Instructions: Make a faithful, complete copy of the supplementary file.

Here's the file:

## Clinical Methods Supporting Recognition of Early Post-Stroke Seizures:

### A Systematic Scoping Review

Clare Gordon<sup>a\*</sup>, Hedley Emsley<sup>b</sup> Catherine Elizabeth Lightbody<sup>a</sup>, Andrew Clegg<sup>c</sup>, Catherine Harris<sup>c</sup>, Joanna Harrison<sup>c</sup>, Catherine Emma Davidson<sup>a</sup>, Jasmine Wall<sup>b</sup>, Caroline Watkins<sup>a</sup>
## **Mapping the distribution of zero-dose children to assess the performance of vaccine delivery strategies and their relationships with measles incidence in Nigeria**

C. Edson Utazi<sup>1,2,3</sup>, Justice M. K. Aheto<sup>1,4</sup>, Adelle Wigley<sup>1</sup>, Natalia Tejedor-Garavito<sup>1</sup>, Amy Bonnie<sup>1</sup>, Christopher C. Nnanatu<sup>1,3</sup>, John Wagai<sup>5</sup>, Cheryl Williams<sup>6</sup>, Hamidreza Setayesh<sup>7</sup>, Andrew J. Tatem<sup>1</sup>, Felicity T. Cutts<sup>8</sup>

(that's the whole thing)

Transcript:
## Clinical Methods Supporting Recognition of Early Post-Stroke Seizures:

### A Systematic Scoping Review

Clare Gordon<sup>a\*</sup>, Hedley Emsley<sup>b</sup> Catherine Elizabeth Lightbody<sup>a</sup>, Andrew Clegg<sup>c</sup>, Catherine Harris<sup>c</sup>, Joanna Harrison<sup>c</sup>, Catherine Emma Davidson<sup>a</sup>, Jasmine Wall<sup>b</sup>, Caroline Watkins<sup>a</sup>
## **Mapping the distribution of zero-dose children to assess the performance of vaccine delivery strategies and their relationships with measles incidence in Nigeria**

C. Edson Utazi<sup>1,2,3</sup>, Justice M. K. Aheto<sup>1,4</sup>, Adelle Wigley<sup>1</sup>, Natalia Tejedor-Garavito<sup>1</sup>, Amy Bonnie<sup>1</sup>, Christopher C. Nnanatu<sup>1,3</sup>, John Wagai<sup>5</sup>, Cheryl Williams<sup>6</sup>, Hamidreza Setayesh<sup>7</sup>, Andrew J. Tatem<sup>1</sup>, Felicity T. Cutts<sup>8</sup>